Souleika Jouad, author of the stunningly beautiful memoir Between Two Kingdoms: a Memoir of a Life Interrupted (Penguin RandomHouse 2021), needed to wear a mask over her nose and mouth during the months following her bone marrow transplant. She needed to do so for two reasons: first, the procedure that killed her cancer also killed her immune system, and her body needed time to rebuild it. Second, breathing is gross.
Sure, ruah, the breath of life, is beautiful. Breathing is a meaningful act that defines the beginning and end of our earthly journey. …
Sociologist Robert Putnam wrote in his classic, Bowling Alone (Simon and Schuster, 2000), that television can account for the lion’s share of the loss of social capital — the value associated with cultural interconnectedness — that took place in the second half of the 20th Century. Sure, people also became more mobile, started working longer hours, and placed less faith in institutions. But television? It did the real damage.
50 years ago, TV accounted for why we didn’t need to look outside our homes for entertainment, such as bowling leagues. Televisions have remote controls, where we can change what we…
This spring, I had the pleasure of returning to the spectator’s section of the softball field as my daughter’s team resumed interscholastic competition. I attended four games, enjoyed them, and felt pretty much like I deserved a participation trophy that named me “parent of the year.”
As we engaged in the painfully awkward process of reorienting ourselves to small-talk with Other People, my husband Dan and I found ourselves chatting with another family at the last game. …
Having completed annual performance reviews for members of the team I supervise, I turned my attention this week to the written self-evaluation that will be included in mine. I get as nervous as the next person about formal reviews, but I am also a firm believer in them. Formative evaluation at regular intervals help us improve. No organization will change if the leader herself isn’t also changing.
I have written books on this topic, dammit. So why was writing my self-evaluation this year so difficult?
The trials of Covid-19’s fears and isolation, the violence of racial and political strife, and…
My colleague and predecessor, Andover Newton Seminary President Nick Carter, used to like to say, “We need to deal with what’s staring us in the face before it hits us in the face.” And then the realities of a sprawling campus, shrinking enrollment, soaring expenses, and skittish donors hit Andover Newton in the face.
Our free-standing seminary closed its campus and reopened as an embedded entity within Yale Divinity School in 2017 so it could continue to pursue its 200+ year history of educating clergy for locally governed faith communities. …
When President Joe Biden introduced a new infrastructure development plan for the United States, the first and loudest critique from his opponents was that much of what was contained in the new bill wasn’t really infrastructure.
Whenever a critic makes an argument on the basis of not-realness, I pay attention. That particular form of resistance to change is both fascinating and sly. When one Christian disagrees with the other’s interpretation of scripture, for example, they’re not likely to say, “I disagree.” Instead, they say to their contrary-minded opponent, “You are not a real Christian.” Case closed; argument over.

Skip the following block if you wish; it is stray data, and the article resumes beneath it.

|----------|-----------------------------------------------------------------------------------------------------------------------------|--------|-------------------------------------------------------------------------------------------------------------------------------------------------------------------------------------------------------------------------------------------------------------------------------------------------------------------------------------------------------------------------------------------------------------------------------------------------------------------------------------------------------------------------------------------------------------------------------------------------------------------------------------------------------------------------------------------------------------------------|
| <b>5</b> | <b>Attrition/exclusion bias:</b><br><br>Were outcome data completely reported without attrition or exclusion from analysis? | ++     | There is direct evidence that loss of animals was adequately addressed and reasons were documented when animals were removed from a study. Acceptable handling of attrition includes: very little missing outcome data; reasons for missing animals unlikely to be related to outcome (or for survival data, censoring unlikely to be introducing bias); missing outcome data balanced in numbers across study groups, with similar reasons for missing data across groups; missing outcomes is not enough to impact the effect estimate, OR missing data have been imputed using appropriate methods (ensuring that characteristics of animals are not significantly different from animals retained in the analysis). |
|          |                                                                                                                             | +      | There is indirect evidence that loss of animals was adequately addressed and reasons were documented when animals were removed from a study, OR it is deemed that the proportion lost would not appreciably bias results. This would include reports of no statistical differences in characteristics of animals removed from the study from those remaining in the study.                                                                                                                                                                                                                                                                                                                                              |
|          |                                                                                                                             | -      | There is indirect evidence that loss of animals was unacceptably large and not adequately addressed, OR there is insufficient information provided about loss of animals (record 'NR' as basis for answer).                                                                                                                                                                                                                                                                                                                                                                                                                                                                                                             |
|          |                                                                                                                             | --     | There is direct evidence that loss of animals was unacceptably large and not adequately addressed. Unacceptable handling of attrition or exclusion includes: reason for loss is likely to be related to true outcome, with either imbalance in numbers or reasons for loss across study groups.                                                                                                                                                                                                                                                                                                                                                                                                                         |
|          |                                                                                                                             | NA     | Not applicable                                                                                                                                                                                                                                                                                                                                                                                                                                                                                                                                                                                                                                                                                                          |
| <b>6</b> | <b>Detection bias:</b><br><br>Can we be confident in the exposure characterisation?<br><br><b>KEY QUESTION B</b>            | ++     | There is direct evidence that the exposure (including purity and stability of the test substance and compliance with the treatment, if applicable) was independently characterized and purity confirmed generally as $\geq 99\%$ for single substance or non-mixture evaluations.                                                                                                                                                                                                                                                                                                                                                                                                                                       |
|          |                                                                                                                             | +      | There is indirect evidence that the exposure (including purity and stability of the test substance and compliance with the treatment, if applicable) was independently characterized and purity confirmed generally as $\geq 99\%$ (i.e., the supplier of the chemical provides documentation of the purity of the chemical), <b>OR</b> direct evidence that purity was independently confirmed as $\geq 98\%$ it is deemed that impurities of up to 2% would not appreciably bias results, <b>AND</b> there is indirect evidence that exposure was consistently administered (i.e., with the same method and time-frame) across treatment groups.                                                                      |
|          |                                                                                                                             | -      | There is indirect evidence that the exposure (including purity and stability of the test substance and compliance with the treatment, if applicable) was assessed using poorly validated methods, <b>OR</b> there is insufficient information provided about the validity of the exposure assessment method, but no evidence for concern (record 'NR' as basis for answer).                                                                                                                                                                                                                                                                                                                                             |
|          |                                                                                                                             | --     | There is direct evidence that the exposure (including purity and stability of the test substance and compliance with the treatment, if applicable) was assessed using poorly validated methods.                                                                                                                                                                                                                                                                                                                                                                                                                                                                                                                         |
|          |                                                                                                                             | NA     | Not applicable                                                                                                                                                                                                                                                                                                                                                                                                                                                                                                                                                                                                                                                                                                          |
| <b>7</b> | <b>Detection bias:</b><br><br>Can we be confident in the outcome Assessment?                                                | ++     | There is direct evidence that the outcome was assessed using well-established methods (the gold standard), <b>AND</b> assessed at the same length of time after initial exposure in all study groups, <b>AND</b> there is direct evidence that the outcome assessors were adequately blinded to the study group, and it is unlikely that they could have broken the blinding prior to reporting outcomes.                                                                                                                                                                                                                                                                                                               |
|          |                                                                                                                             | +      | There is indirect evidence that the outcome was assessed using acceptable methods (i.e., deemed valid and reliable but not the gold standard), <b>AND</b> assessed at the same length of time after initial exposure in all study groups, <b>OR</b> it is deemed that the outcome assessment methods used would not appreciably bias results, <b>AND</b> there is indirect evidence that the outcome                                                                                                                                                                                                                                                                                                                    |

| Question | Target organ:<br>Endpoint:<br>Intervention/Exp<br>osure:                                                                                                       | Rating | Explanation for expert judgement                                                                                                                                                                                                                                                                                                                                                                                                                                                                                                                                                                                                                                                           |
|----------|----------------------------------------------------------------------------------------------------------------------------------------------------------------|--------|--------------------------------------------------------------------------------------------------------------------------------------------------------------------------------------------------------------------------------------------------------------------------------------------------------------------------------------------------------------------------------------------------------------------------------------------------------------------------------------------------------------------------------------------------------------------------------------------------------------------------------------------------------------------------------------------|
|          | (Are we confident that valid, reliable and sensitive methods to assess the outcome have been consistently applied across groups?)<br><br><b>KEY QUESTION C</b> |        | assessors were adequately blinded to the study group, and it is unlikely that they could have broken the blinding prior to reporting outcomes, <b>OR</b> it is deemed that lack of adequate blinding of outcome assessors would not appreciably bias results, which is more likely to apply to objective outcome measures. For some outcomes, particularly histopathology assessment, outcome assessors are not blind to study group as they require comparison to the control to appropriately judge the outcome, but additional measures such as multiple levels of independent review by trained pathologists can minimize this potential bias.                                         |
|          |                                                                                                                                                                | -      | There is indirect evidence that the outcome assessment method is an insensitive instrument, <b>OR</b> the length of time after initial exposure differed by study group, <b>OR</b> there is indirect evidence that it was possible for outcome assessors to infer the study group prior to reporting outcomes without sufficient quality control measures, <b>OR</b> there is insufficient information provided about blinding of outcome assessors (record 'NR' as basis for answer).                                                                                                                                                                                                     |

Ron DeSantis, please.
I happen to know you went to Yale and majored in History. Even if the baseball team and fraternity life took up a great deal of your time and attention, you still know that Critical Race Theory isn’t anti-American. Any time we put the term “critical” in front of something, we’re suggesting, “Let’s be thoughtful.” To be thoughtful, refrain from making assumptions, and take nothing at face value, are habits of mind as American as apple pie.
I have one thing for which to thank you, Governor Ron DeSantis, Florida Republican. When you chose to take up…
“After the pandemic is over, what practices should we keep that we’ve learned during this season?” — A question posed to senior managers at Yale Divinity School
In two weeks, Andover Newton Seminary at Yale Divinity School will host an event unlike any we have offered before. We have partnered with the Center for Career Development and Ministry (https://ccdmin.org), a counseling and coaching practice best known to our students for offering pre-ordination psychological evaluations, to provide a grief group for graduating students.
The two facilitators have been working with clergy throughout the pandemic, helping them to process all of the…
Is it ethical to admit new students without high confidence that you can graduate them on time and with adequate resources?
Can you trade the well-being of future students (if you enroll them) with existing students?
Is it ethical to accept students who you believe would be better off — in all respects — going elsewhere?
Is it ethical not tell them something (true) which, if you told them, would have led them not to enroll?
“Should I ask for permission now or forgiveness later?” -J, Campus Leader
Don’t let them get wet.
Don’t expose them to sunlight.
And never, ever let them eat after midnight.
Keep them six feet apart from one another.
Require they wear masks at all times.
Except when they’re eating, which is when they can take off their masks.
But while eating, they should not breathe,
and only before, not after, midnight.
Make them wash their hands a lot.
But wait; don’t get them wet.
The “rules” above combine those from the movie “Gremlins” (Warner Brothers, 1984) and the practices recommended…
Sarah Birmingham Drummond is Founding Dean of Andover Newton Seminary at Yale Divinity School and teaches and writes on the topic of ministerial leadership.